Rise Up in Love

On Palm Sunday suicide bombers struck hours apart at two Coptic churches in northern Egypt, killing 44 people, injuring hundreds more and turning Palm Sunday services into scenes of horror and outrage.  The Coptic church is the earliest Christian presence in Egypt going back to the year 100.

The Islamic State group claimed responsibility for the violence, adding to fears that extremists are shifting their focus to civilians, especially Egypt’s Christian minority. http://www.chicagotribune.com/news/nationworld/ct-egypt-christian-church-bombing-20170409-story.html

That same week in Syria, 70 people, including children died,  the result of an air-launched chemical attack attributed to the ruthless regime of President Bashar al-Assad. http://www.cnn.com/2017/04/05/middleeast/idlib-syria-attack/index.html

What are we to make of such horrific events?  Is there any room for hope?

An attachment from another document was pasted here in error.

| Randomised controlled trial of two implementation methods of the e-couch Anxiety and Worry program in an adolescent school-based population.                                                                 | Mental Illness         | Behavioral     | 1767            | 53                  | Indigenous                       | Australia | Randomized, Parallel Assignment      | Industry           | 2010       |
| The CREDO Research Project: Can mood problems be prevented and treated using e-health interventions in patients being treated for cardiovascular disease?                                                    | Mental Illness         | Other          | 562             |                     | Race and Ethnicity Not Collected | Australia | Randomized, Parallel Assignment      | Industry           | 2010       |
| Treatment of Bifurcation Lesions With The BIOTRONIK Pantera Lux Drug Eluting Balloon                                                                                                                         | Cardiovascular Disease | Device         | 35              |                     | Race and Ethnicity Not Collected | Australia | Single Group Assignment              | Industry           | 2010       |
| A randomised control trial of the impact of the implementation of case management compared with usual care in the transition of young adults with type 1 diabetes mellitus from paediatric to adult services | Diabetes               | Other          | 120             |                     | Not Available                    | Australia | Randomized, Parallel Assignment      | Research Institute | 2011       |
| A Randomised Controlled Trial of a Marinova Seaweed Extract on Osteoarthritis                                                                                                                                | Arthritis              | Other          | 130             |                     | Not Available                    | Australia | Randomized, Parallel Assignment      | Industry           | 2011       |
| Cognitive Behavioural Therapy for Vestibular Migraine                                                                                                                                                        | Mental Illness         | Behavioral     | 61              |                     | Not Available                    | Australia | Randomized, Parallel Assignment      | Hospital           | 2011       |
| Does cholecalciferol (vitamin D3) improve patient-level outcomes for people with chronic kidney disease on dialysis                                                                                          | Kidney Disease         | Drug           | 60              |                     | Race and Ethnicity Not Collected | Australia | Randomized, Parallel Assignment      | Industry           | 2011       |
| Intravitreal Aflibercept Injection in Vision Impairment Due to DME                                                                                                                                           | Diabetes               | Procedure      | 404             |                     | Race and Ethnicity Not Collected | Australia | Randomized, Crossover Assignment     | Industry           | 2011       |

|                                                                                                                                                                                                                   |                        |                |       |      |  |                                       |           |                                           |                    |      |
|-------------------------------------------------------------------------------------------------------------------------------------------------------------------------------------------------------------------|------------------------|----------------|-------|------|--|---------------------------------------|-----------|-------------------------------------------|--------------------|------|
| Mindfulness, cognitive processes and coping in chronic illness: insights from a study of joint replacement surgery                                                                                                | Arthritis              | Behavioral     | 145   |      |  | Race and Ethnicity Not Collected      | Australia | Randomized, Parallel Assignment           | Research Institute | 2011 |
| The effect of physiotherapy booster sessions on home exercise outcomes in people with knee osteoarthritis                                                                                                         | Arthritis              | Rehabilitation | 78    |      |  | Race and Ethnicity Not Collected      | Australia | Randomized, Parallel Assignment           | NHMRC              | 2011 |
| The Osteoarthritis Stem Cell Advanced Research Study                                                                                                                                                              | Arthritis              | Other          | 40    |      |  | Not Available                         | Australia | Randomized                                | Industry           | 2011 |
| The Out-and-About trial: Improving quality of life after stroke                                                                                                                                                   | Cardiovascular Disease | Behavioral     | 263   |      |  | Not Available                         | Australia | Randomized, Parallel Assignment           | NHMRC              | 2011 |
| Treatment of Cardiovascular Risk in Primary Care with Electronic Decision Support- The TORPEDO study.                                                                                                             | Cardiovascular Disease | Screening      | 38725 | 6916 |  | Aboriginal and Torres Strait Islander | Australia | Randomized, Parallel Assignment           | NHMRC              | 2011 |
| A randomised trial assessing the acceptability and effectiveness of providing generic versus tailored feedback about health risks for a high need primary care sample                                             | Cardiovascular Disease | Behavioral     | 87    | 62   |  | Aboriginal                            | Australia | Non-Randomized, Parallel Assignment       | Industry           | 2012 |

Holy Week for Christian’s begins with these words:

As Jesus approached Jerusalem and saw the city, he wept over it and said, “If you, even you, had only known on this day what would bring you peace – but now it is hidden from your eyes.” (Luke 19: 41,42)

What is this way of peace that Jesus speaks of?

It is the counter-cultural way of forgiveness. Later that week, Jesus would look upon those who betrayed and crucified him with these words:

“Father forgive them, they know not what they do.”

Christianity teaches that three days later on Easter morning, the risen Christ was seen and touched. Whether you take this metaphorically or literally, the Easter story affirms this truth: That neither violence, fear or even death will have the last word…On that first Easter love expressed in forgiveness had and has the final word.

It’s been said: ‘We are called to be Easter people, living in a Good Friday world’. Whether you are Christian or not we are invited to claim the truth that evil never wins.

Pope washing feet of youthWe think of Pope Francis washing the feet of homeless children (Muslim and Christian) in Rome. A reminder that love has no boundaries, no limits. Each of us are invited, challenged to put love into practice. To offer an alternative to retribution and fear.

What forgiveness are we prepared to offer? Who are you and I called to embrace? What stranger are we called to befriend?